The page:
Acupuncture Reduces Chronic Neck Pain; Massage Benefits Still Unclear

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Acupuncture and Chronic Neck Pain

Acupuncture offers relief from chronic neck pain, while there is little reliable evidence on the effectiveness of massage, according to two new systematic reviews.

Acupuncture does not "cure" neck pain, and relief appears to last only a few weeks or months. Patients may thus need periodic booster treatments, says lead study author Kien Trinh, M.D., of McMaster University in Canada.

The massage review concludes, "Due to the limitations of existing studies, we are unable to make any firm statement to guide clinical practice." Bodhi Haraldsson, a registered massage therapist in British Columbia, Canada, led the study team.

The two studies are part of a series designed to summarize the most current scientific evidence on treatments for neck pain due to "mechanical" problems such as whiplash and muscle strains. Such injuries are common, disabling and costly.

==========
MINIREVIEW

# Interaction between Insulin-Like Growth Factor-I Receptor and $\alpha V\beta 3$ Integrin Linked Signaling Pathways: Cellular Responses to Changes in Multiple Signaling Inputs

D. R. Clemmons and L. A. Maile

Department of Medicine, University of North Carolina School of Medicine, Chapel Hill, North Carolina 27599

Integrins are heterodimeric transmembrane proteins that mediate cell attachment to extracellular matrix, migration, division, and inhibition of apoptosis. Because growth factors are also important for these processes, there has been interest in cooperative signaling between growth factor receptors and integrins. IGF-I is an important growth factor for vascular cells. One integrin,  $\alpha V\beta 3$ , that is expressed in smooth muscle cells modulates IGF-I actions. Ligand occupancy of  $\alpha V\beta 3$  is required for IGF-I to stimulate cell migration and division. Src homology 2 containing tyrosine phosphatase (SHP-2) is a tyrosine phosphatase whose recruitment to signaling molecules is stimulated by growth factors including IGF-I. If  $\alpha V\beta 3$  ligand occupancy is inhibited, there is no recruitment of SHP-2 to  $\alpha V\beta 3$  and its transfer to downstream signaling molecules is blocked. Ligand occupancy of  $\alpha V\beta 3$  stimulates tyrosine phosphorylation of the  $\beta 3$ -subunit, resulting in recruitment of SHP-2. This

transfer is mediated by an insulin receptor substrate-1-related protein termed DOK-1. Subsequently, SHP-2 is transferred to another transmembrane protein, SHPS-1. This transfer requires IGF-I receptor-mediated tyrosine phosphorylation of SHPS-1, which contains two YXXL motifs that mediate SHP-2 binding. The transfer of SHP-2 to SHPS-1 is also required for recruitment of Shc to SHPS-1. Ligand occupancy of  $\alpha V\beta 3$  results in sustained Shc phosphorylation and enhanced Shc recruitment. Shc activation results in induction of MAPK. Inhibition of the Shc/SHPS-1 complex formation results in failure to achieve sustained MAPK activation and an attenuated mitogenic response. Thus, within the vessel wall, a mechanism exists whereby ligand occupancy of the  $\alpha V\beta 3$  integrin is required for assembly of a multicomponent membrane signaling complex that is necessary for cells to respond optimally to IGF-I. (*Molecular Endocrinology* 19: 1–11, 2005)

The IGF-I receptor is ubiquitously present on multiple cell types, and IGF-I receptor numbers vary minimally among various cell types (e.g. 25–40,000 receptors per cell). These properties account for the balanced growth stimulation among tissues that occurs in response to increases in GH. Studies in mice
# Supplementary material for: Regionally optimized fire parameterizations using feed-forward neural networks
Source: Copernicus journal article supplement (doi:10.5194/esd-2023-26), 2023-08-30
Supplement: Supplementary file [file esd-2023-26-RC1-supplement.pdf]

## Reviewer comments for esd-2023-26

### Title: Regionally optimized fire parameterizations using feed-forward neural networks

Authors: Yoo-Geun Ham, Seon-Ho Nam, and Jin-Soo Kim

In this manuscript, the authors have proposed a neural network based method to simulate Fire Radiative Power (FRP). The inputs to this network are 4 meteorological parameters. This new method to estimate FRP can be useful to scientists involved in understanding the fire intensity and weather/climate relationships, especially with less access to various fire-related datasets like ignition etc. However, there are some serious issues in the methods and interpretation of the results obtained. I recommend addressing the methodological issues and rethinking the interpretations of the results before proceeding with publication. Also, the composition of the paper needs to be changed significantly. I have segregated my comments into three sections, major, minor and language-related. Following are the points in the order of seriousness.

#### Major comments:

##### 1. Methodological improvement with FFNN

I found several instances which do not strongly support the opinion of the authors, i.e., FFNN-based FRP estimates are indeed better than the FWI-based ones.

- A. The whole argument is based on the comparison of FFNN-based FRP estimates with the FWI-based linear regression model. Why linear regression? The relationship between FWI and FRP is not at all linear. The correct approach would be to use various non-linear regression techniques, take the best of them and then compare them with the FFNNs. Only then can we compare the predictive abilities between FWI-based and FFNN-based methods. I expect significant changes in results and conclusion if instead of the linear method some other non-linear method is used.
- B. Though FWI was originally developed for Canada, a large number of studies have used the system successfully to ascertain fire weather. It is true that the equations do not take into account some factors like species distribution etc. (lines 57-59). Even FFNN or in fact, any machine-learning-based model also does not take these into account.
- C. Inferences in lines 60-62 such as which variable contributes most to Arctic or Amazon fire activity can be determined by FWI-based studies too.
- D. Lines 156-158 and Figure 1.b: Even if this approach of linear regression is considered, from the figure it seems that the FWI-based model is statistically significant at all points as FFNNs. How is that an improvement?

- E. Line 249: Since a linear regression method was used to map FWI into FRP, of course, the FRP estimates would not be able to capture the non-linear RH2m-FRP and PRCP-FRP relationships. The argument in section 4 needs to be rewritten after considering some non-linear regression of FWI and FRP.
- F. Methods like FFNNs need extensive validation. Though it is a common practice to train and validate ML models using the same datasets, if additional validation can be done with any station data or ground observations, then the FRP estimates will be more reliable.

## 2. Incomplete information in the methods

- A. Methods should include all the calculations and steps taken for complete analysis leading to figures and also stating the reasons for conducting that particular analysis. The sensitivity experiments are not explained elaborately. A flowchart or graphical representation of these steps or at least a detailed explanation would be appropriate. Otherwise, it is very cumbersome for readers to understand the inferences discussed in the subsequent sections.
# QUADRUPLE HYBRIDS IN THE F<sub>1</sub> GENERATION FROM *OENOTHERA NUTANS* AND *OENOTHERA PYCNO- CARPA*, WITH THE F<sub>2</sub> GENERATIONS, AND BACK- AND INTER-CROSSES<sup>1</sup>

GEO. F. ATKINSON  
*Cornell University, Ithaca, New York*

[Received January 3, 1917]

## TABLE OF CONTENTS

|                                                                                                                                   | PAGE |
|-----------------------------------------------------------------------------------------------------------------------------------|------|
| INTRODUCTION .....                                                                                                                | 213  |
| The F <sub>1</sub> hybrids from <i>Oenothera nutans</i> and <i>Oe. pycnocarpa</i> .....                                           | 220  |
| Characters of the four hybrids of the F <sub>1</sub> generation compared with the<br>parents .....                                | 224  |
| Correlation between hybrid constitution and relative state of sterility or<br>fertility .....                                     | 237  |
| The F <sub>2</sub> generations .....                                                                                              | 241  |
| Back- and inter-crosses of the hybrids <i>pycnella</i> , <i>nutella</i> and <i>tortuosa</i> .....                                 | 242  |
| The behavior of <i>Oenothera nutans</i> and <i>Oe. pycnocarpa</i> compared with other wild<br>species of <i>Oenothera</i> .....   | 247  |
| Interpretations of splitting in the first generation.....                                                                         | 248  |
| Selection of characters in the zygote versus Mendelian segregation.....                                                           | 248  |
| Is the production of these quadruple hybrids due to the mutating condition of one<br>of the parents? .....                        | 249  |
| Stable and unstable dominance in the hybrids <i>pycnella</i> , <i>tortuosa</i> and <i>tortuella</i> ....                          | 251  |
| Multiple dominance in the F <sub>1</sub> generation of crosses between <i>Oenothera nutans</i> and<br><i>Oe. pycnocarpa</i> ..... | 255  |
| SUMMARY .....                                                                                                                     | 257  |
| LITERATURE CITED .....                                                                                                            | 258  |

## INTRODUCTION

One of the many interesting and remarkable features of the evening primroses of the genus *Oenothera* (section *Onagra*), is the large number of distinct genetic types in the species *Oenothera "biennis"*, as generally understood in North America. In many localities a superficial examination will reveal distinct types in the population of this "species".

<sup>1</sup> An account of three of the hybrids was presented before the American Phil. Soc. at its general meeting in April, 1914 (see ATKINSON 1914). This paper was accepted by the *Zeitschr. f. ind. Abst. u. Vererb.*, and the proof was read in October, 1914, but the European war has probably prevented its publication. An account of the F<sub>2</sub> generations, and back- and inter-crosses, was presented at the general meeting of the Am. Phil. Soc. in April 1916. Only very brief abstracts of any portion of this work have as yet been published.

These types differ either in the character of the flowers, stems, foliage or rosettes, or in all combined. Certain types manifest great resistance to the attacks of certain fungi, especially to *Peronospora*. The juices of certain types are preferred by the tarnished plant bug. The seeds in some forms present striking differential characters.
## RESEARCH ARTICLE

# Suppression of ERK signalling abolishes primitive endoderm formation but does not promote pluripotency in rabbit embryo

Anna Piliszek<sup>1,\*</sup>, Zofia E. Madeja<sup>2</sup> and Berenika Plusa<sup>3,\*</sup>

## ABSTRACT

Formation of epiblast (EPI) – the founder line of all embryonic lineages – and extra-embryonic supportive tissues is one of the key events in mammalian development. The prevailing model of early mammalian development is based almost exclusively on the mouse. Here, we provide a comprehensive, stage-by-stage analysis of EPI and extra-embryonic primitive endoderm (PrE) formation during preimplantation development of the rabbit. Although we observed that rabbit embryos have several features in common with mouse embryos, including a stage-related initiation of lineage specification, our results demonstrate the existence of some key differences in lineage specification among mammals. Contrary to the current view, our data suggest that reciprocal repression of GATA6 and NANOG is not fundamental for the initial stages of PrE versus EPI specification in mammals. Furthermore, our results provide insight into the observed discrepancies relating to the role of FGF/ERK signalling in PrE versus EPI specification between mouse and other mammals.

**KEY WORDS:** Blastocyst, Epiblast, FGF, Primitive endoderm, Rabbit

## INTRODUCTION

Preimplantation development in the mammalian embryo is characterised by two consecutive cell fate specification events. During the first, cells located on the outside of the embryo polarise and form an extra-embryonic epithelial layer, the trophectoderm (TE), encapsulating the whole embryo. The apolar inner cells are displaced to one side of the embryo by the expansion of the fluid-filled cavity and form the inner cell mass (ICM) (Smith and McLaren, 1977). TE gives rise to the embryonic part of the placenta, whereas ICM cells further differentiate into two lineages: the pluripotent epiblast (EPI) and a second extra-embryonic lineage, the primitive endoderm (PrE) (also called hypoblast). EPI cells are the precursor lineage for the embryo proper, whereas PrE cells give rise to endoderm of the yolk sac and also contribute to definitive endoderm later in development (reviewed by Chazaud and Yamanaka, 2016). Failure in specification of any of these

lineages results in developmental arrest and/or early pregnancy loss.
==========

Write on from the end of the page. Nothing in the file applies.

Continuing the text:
Ten percent of males and 17 percent of females report neck pain that lasts longer than six months, according to a study cited in the massage review. Both new reviews excluded patients with neck pain caused by major illnesses or injuries such as viral infections or fractures.

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The reviews appear in the most recent issue of The Cochrane Library, a publication of The Cochrane Collaboration, an international organization that evaluates medical research. Systematic reviews draw evidence-based conclusions about medical practice after considering both the content and quality of existing medical trials on a topic.

The acupuncture study comprised 10 trials with a total of 661 adult participants. The studies compared a number of acupuncture approaches to no treatment, sham treatments or other "manual therapies" such as mobilization, massage or traction. Most of the studies included at least five treatment sessions.

"The specific effects of acupuncture are short-term, but have important clinical treatment benefits," conclude the review authors.

These findings are based on a wide range of patients, treatment techniques and outcomes, said Dr. Partap Khalsa at the National Center for Complementary and Alternative Medicine. The next step is to conduct more well-defined studies to "optimize" the findings, said Khalsa, who was not involved with either review.

For some subgroups of patients with mechanical neck disorders, he said, acupuncture may be the best treatment while different options may provide greater relief for others. "We just don't know that right now."

Trinh calls for larger and longer trials

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